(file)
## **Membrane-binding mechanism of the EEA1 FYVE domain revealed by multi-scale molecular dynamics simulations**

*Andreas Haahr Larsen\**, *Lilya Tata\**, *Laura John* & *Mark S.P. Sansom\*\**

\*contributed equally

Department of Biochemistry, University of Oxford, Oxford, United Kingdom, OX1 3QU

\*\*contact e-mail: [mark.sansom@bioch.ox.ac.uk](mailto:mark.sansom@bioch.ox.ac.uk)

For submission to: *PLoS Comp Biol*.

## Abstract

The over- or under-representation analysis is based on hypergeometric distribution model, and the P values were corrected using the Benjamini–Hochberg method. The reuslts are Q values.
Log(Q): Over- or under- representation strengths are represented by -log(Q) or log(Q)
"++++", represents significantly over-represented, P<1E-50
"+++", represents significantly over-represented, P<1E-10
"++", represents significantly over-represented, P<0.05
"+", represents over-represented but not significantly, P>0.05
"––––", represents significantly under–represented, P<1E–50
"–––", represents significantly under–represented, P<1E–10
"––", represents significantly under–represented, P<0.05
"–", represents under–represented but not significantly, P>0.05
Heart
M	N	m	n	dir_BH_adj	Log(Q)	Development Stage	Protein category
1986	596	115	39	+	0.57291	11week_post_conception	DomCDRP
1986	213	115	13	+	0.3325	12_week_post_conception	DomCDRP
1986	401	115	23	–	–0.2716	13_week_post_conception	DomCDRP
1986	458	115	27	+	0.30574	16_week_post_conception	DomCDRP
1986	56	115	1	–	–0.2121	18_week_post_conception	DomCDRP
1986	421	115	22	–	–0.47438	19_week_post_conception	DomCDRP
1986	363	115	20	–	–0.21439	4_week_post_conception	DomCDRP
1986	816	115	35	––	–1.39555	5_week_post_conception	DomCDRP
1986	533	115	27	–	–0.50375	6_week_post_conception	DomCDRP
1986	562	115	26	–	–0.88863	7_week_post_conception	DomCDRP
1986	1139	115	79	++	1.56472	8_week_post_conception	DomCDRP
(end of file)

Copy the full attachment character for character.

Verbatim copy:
## **Membrane-binding mechanism of the EEA1 FYVE domain revealed by multi-scale molecular dynamics simulations**

*Andreas Haahr Larsen\**, *Lilya Tata\**, *Laura John* & *Mark S.P. Sansom\*\**

\*contributed equally

Department of Biochemistry, University of Oxford, Oxford, United Kingdom, OX1 3QU

\*\*contact e-mail: [mark.sansom@bioch.ox.ac.uk](mailto:mark.sansom@bioch.ox.ac.uk)

For submission to: *PLoS Comp Biol*.

## Abstract

The over- or under-representation analysis is based on hypergeometric distribution model, and the P values were corrected using the Benjamini–Hochberg method. The reuslts are Q values.
Log(Q): Over- or under- representation strengths are represented by -log(Q) or log(Q)
"++++", represents significantly over-represented, P<1E-50
"+++", represents significantly over-represented, P<1E-10
"++", represents significantly over-represented, P<0.05
"+", represents over-represented but not significantly, P>0.05
"––––", represents significantly under–represented, P<1E–50
"–––", represents significantly under–represented, P<1E–10
"––", represents significantly under–represented, P<0.05
"–", represents under–represented but not significantly, P>0.05
Heart
M	N	m	n	dir_BH_adj	Log(Q)	Development Stage	Protein category
1986	596	115	39	+	0.57291	11week_post_conception	DomCDRP
1986	213	115	13	+	0.3325	12_week_post_conception	DomCDRP
1986	401	115	23	–	–0.2716	13_week_post_conception	DomCDRP
1986	458	115	27	+	0.30574	16_week_post_conception	DomCDRP
1986	56	115	1	–	–0.2121	18_week_post_conception	DomCDRP
1986	421	115	22	–	–0.47438	19_week_post_conception	DomCDRP
1986	363	115	20	–	–0.21439	4_week_post_conception	DomCDRP
1986	816	115	35	––	–1.39555	5_week_post_conception	DomCDRP
1986	533	115	27	–	–0.50375	6_week_post_conception	DomCDRP
1986	562	115	26	–	–0.88863	7_week_post_conception	DomCDRP
1986	1139	115	79	++	1.56472	8_week_post_conception	DomCDRP